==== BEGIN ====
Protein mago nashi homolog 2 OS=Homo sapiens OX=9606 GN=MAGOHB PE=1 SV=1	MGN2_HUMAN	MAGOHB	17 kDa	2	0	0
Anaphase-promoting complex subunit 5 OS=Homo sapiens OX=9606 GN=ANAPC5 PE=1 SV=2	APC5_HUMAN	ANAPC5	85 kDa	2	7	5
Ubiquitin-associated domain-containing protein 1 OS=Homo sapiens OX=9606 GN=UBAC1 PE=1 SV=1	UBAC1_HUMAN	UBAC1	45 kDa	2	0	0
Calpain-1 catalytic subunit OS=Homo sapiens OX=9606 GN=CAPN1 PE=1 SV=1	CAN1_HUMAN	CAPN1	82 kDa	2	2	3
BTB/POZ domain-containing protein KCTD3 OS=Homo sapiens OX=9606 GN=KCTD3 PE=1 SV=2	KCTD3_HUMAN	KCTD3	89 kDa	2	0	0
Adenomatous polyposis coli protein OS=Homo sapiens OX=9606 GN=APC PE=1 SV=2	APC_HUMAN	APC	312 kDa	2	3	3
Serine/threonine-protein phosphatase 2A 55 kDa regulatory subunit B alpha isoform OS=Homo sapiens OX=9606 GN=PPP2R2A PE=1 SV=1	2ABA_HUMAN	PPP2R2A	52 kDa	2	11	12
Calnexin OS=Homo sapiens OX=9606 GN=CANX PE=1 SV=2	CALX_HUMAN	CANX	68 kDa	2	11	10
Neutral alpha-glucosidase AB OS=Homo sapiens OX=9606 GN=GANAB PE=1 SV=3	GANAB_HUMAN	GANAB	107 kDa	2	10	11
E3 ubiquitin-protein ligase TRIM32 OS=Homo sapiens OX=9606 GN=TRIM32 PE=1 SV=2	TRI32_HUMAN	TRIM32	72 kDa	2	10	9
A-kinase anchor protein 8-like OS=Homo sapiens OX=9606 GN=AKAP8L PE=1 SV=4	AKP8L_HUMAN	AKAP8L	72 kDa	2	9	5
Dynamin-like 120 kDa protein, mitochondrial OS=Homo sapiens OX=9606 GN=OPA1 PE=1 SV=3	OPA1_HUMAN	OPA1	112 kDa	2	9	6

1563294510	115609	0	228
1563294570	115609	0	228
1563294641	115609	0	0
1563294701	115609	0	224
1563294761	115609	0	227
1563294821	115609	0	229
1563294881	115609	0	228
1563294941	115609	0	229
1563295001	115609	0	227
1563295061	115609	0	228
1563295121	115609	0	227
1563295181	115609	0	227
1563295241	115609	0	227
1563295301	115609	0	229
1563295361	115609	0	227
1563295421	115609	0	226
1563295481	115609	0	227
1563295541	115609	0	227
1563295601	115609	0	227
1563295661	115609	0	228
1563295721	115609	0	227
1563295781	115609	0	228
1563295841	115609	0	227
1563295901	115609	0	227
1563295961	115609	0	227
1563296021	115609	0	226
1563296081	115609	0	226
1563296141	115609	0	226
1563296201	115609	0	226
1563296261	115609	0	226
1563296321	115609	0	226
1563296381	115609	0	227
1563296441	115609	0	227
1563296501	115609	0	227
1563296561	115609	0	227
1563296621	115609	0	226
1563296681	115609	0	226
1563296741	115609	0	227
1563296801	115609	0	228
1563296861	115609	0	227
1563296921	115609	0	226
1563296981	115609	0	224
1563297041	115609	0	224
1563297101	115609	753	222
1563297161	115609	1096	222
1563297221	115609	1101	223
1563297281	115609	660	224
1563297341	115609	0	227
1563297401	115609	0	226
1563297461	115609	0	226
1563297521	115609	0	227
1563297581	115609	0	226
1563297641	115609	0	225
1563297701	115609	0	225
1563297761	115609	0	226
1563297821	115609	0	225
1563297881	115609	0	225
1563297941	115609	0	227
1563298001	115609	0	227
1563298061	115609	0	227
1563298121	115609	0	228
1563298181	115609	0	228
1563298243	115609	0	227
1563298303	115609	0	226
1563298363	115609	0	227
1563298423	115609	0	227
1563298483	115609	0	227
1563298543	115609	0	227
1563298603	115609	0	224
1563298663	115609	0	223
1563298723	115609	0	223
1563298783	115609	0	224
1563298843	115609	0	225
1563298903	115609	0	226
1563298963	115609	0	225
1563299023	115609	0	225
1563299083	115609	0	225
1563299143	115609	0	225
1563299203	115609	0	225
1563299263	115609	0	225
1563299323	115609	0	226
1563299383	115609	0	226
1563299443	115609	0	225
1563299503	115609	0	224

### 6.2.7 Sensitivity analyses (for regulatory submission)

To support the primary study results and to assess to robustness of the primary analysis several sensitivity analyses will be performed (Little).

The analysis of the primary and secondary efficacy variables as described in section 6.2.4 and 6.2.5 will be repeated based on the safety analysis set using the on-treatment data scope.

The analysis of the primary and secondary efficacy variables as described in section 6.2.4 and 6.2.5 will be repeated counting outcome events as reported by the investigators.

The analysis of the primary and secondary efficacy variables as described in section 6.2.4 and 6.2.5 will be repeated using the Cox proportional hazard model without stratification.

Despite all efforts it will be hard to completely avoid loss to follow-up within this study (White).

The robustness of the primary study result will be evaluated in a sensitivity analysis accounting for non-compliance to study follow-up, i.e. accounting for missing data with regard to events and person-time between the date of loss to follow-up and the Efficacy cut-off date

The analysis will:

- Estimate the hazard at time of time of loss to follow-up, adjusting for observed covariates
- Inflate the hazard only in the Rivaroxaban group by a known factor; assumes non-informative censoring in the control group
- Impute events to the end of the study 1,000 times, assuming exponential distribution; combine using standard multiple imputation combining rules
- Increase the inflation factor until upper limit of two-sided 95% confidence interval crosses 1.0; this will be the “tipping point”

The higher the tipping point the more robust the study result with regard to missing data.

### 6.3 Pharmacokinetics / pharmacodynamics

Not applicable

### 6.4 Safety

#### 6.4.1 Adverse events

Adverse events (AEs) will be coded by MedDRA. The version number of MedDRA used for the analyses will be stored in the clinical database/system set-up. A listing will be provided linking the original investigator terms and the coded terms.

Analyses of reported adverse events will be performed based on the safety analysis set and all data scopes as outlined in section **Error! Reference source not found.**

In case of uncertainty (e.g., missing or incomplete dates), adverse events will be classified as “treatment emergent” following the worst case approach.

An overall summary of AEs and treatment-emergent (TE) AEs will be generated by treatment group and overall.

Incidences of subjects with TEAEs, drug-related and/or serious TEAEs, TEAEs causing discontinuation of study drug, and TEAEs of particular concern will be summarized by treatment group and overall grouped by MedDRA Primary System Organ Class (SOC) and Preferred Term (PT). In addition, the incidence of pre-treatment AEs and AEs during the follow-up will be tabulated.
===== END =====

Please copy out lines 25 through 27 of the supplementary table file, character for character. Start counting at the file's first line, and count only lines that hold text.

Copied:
1563295241	115609	0	227
1563295301	115609	0	229
1563295361	115609	0	227